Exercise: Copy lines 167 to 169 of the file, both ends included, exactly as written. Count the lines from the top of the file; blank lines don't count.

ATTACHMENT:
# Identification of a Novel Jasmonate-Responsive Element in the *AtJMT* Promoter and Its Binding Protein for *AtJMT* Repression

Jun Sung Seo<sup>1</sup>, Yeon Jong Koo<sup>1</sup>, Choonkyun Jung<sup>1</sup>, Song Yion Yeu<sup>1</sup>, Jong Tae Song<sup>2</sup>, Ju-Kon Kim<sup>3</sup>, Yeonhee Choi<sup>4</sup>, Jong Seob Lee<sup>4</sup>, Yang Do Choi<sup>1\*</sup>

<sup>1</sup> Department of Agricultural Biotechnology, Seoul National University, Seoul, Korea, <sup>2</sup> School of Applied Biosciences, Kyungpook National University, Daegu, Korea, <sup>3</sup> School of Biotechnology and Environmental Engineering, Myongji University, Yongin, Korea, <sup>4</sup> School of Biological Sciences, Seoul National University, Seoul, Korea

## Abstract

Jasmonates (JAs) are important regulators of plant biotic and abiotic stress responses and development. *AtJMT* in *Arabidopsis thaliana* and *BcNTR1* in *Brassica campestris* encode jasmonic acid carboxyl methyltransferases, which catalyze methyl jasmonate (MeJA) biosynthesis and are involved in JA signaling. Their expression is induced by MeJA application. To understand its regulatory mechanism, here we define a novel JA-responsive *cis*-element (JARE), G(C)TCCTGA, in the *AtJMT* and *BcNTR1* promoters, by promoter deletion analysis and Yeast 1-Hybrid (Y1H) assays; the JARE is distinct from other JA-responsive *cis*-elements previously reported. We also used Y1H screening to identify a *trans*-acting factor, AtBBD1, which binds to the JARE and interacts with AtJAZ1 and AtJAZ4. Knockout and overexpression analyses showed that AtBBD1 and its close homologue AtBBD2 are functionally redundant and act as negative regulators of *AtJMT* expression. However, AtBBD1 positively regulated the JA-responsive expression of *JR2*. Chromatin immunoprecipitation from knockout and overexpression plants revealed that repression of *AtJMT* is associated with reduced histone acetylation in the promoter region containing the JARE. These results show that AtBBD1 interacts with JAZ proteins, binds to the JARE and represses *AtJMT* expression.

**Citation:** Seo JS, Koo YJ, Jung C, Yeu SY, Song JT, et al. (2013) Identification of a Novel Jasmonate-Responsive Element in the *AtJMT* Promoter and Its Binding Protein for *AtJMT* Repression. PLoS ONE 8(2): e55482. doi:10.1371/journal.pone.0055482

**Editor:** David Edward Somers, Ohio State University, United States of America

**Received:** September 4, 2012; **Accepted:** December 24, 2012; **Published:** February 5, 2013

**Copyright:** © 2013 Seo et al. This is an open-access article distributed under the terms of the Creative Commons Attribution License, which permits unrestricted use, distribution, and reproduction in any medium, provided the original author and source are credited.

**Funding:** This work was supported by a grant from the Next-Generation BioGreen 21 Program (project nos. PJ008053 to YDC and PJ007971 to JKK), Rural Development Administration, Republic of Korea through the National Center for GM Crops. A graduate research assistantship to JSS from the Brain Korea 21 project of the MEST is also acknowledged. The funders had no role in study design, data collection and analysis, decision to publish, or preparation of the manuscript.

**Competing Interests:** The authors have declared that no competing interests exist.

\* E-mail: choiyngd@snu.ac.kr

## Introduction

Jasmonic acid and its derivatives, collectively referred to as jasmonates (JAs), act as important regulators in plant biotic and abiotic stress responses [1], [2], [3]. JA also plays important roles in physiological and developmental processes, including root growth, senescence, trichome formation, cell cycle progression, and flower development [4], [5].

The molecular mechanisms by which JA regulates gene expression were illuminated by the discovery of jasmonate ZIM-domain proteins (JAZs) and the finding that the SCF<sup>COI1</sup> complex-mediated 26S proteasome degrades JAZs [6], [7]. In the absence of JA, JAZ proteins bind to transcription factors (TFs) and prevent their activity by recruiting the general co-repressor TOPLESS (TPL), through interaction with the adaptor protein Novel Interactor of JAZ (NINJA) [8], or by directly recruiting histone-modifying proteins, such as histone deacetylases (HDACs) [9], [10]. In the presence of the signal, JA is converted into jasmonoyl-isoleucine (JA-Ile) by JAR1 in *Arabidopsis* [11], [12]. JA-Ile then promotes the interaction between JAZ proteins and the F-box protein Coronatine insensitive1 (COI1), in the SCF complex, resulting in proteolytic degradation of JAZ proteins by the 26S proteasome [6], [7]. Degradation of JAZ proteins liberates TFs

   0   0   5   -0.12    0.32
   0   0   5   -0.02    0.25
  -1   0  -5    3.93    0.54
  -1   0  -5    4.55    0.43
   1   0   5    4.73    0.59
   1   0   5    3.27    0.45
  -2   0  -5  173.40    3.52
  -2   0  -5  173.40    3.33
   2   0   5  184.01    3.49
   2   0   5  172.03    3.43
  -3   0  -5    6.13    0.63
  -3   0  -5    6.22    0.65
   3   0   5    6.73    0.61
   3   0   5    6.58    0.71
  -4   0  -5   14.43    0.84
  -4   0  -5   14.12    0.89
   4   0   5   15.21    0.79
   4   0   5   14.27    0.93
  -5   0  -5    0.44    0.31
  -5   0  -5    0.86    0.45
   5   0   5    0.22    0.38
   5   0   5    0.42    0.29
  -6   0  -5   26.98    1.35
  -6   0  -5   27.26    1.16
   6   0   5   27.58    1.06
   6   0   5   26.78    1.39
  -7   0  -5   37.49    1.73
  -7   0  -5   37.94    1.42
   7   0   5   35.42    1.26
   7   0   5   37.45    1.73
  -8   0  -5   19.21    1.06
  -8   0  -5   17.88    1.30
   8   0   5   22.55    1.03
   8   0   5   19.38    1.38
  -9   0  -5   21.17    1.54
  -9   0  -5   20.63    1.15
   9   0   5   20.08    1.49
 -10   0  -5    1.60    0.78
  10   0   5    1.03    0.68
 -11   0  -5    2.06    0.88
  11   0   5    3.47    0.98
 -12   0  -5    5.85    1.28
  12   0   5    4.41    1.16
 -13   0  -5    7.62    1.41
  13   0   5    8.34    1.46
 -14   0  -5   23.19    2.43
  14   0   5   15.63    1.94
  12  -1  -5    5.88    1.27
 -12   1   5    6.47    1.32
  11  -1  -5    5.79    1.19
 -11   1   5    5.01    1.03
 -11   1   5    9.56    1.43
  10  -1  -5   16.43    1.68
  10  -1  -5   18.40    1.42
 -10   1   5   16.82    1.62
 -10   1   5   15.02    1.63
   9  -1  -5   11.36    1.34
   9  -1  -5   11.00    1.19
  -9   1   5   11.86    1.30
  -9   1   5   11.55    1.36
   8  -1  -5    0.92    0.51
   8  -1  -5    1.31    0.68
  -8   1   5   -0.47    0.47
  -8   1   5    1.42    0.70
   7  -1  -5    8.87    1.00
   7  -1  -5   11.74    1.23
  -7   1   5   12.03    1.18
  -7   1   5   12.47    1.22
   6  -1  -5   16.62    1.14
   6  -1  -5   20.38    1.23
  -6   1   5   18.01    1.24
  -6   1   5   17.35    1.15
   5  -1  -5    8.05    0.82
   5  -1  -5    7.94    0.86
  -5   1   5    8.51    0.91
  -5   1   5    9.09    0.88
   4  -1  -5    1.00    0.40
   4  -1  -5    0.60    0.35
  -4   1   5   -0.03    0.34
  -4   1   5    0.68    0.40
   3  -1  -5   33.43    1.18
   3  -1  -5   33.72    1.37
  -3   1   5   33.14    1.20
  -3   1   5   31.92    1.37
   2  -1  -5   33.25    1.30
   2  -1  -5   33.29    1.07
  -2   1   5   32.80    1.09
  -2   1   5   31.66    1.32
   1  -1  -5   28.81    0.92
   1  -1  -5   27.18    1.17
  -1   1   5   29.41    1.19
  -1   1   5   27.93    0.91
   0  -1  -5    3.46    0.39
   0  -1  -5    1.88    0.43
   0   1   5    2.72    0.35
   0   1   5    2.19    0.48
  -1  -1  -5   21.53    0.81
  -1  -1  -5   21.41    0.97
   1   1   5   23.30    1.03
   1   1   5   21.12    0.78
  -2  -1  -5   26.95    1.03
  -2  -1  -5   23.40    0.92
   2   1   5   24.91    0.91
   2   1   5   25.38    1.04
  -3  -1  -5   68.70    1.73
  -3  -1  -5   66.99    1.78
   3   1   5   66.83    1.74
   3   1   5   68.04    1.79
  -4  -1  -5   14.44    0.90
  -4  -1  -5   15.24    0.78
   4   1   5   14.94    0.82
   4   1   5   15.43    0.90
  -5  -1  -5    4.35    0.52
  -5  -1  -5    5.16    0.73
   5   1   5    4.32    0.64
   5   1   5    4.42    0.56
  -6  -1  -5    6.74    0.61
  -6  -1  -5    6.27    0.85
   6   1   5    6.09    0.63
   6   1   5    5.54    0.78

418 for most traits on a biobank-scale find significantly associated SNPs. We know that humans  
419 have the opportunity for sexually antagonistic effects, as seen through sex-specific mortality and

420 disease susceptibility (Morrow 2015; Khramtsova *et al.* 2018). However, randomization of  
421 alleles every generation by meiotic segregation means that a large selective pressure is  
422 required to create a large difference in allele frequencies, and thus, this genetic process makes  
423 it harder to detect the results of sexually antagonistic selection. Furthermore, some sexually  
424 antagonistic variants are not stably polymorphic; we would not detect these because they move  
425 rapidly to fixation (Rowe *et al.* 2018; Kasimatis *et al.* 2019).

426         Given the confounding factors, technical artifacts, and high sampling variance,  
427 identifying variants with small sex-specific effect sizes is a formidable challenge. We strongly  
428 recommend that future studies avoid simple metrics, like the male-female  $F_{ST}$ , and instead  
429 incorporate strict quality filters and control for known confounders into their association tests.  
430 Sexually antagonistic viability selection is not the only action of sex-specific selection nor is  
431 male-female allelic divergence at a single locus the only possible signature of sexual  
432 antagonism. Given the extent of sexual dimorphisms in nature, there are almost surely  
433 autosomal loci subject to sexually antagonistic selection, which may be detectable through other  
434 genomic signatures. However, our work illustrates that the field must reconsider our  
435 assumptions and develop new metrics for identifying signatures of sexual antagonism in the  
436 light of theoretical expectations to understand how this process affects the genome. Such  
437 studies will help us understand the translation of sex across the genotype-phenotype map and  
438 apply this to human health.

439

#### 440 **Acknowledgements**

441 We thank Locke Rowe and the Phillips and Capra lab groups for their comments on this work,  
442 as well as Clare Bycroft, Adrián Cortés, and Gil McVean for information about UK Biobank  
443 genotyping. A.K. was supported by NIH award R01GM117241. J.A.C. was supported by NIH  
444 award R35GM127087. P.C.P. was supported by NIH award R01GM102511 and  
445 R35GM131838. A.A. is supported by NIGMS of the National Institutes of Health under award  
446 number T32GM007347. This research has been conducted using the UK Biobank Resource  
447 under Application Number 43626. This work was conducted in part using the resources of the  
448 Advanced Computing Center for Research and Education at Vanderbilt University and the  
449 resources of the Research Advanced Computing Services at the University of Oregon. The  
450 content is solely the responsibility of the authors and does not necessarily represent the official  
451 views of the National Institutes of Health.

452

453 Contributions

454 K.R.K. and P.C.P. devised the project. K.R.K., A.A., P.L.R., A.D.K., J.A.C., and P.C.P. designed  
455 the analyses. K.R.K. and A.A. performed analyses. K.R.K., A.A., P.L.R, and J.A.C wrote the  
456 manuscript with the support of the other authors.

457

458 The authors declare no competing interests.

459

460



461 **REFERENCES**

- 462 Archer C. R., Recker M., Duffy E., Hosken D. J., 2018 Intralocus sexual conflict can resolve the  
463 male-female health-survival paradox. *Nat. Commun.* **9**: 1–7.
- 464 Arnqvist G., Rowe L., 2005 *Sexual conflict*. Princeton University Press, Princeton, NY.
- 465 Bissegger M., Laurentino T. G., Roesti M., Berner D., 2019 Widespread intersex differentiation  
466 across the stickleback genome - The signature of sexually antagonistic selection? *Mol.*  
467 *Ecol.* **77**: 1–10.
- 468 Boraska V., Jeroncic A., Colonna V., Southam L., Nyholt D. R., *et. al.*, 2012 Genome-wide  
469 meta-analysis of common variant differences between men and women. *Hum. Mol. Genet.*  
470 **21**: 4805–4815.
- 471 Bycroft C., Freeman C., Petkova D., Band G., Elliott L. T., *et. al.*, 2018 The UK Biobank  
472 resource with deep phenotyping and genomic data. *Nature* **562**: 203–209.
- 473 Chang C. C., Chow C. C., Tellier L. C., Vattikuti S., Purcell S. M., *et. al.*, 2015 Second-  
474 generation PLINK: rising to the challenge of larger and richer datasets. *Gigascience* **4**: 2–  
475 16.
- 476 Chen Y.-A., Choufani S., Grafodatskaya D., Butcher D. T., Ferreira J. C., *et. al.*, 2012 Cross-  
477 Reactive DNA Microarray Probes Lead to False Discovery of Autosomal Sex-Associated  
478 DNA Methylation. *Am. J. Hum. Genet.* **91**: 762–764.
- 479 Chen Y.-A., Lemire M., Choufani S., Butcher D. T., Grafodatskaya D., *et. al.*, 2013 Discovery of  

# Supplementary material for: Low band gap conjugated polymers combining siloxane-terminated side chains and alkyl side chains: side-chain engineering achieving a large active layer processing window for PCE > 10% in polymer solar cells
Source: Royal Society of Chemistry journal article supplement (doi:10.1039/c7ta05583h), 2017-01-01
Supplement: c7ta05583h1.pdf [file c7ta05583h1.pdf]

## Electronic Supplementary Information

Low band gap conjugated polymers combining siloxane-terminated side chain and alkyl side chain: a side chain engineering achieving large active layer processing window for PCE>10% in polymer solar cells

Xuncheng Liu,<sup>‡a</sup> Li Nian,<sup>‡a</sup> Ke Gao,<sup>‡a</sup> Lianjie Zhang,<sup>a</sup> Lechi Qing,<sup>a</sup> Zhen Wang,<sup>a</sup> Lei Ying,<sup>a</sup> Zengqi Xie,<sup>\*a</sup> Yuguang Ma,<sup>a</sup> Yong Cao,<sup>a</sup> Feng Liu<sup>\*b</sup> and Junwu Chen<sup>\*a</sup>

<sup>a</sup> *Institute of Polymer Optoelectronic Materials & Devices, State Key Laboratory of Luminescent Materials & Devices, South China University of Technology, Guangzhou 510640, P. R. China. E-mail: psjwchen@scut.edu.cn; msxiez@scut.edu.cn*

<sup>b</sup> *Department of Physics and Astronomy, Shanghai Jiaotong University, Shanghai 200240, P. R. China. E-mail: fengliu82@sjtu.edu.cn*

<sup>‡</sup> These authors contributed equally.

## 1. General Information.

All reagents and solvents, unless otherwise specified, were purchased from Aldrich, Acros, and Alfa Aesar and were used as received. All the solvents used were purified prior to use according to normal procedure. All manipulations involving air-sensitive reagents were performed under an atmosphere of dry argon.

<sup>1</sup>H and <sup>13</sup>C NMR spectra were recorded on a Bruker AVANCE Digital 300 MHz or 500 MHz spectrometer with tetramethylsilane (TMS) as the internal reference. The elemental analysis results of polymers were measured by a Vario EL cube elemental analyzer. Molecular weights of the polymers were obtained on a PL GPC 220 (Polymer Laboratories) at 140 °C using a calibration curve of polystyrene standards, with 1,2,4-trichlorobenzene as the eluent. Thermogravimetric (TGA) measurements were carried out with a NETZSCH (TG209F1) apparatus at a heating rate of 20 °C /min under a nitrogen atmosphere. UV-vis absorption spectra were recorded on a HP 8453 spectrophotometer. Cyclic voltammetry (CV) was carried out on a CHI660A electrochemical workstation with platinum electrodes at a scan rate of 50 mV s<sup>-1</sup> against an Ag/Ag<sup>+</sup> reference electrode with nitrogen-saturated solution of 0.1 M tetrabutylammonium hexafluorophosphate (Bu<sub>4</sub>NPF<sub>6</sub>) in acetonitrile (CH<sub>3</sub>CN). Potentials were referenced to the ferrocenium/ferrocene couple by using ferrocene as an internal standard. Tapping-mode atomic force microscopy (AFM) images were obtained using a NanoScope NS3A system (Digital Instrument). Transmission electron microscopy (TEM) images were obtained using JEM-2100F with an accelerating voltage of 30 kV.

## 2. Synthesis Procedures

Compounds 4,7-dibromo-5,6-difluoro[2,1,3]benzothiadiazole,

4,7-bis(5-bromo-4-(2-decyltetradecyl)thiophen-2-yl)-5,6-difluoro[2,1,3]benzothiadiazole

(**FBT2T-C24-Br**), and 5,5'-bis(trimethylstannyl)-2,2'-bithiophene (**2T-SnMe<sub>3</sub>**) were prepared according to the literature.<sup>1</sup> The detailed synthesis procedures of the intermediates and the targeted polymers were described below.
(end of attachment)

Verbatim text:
449 resources of the Research Advanced Computing Services at the University of Oregon. The  
450 content is solely the responsibility of the authors and does not necessarily represent the official  
451 views of the National Institutes of Health.